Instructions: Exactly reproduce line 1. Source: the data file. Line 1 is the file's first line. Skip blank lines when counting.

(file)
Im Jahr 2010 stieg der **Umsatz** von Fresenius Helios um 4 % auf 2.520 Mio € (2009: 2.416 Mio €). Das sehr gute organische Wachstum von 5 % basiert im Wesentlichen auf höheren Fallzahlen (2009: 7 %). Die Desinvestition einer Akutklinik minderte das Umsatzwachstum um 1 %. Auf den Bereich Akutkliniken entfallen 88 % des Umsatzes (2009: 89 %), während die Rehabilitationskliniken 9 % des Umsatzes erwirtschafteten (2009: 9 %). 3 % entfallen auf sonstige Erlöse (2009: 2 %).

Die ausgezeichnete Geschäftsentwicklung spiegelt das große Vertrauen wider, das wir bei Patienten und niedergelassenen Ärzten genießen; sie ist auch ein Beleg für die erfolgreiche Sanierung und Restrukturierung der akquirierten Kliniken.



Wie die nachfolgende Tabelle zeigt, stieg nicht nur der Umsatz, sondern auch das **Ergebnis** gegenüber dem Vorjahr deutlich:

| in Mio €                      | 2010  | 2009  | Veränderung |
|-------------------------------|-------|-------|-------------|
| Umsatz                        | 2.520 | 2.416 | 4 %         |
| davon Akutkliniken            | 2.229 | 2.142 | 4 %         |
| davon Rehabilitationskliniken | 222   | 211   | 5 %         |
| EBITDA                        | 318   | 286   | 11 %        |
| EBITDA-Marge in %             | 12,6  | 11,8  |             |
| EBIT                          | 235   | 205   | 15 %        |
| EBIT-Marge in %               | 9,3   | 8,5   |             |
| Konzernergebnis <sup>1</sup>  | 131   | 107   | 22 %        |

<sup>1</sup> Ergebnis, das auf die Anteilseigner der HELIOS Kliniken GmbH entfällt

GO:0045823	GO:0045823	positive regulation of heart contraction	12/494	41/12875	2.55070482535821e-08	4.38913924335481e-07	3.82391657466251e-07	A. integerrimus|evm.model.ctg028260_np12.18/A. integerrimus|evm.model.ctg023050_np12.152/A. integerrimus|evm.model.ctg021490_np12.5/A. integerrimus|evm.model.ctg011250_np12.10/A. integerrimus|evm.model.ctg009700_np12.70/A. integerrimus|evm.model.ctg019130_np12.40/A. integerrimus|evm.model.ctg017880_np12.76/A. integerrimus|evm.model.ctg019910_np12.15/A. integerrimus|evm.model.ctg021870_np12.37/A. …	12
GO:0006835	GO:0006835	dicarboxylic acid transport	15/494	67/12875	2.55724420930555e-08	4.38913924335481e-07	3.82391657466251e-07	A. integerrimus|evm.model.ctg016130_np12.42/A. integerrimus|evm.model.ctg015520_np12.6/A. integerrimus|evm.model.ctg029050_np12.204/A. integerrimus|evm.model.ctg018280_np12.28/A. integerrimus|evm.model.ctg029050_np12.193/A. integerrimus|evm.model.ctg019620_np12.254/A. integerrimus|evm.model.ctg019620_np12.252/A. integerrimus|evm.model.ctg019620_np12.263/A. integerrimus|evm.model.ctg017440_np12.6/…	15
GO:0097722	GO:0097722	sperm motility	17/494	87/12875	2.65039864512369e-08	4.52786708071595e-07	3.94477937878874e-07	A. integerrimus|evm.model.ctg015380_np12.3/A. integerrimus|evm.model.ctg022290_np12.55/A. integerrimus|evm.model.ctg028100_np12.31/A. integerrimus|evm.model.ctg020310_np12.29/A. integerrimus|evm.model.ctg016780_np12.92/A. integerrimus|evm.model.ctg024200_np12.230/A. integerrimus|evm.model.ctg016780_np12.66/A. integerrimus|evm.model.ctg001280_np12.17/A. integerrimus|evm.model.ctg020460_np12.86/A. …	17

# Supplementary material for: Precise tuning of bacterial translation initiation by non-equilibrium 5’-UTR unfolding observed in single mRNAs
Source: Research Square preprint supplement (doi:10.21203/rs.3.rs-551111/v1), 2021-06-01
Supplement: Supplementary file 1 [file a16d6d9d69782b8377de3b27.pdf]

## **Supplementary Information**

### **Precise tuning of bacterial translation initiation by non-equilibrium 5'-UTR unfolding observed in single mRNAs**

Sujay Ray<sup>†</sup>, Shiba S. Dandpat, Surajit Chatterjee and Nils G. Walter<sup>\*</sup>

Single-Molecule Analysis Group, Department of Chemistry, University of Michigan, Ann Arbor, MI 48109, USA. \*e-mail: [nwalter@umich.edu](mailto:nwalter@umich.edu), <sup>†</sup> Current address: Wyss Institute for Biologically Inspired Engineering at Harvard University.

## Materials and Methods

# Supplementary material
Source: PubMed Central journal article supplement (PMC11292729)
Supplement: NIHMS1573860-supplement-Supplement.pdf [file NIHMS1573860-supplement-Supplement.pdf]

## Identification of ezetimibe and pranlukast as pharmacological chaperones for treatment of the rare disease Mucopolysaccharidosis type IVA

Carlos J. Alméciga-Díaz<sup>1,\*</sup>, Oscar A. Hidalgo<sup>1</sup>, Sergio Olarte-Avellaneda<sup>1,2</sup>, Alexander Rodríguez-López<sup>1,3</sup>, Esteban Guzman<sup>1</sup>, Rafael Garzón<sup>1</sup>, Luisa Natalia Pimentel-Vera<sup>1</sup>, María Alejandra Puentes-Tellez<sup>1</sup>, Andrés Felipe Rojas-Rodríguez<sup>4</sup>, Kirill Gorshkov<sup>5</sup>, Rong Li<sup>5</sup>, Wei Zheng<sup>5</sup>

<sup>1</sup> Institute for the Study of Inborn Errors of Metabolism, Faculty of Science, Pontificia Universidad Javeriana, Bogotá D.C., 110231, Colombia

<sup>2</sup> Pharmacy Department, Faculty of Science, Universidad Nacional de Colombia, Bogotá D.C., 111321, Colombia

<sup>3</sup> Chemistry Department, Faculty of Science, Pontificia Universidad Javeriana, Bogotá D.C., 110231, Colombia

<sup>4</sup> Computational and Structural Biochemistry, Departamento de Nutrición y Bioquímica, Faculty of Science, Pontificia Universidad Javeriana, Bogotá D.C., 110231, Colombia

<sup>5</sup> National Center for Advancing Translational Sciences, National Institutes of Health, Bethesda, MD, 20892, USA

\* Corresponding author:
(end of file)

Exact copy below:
Im Jahr 2010 stieg der **Umsatz** von Fresenius Helios um 4 % auf 2.520 Mio € (2009: 2.416 Mio €). Das sehr gute organische Wachstum von 5 % basiert im Wesentlichen auf höheren Fallzahlen (2009: 7 %). Die Desinvestition einer Akutklinik minderte das Umsatzwachstum um 1 %. Auf den Bereich Akutkliniken entfallen 88 % des Umsatzes (2009: 89 %), während die Rehabilitationskliniken 9 % des Umsatzes erwirtschafteten (2009: 9 %). 3 % entfallen auf sonstige Erlöse (2009: 2 %).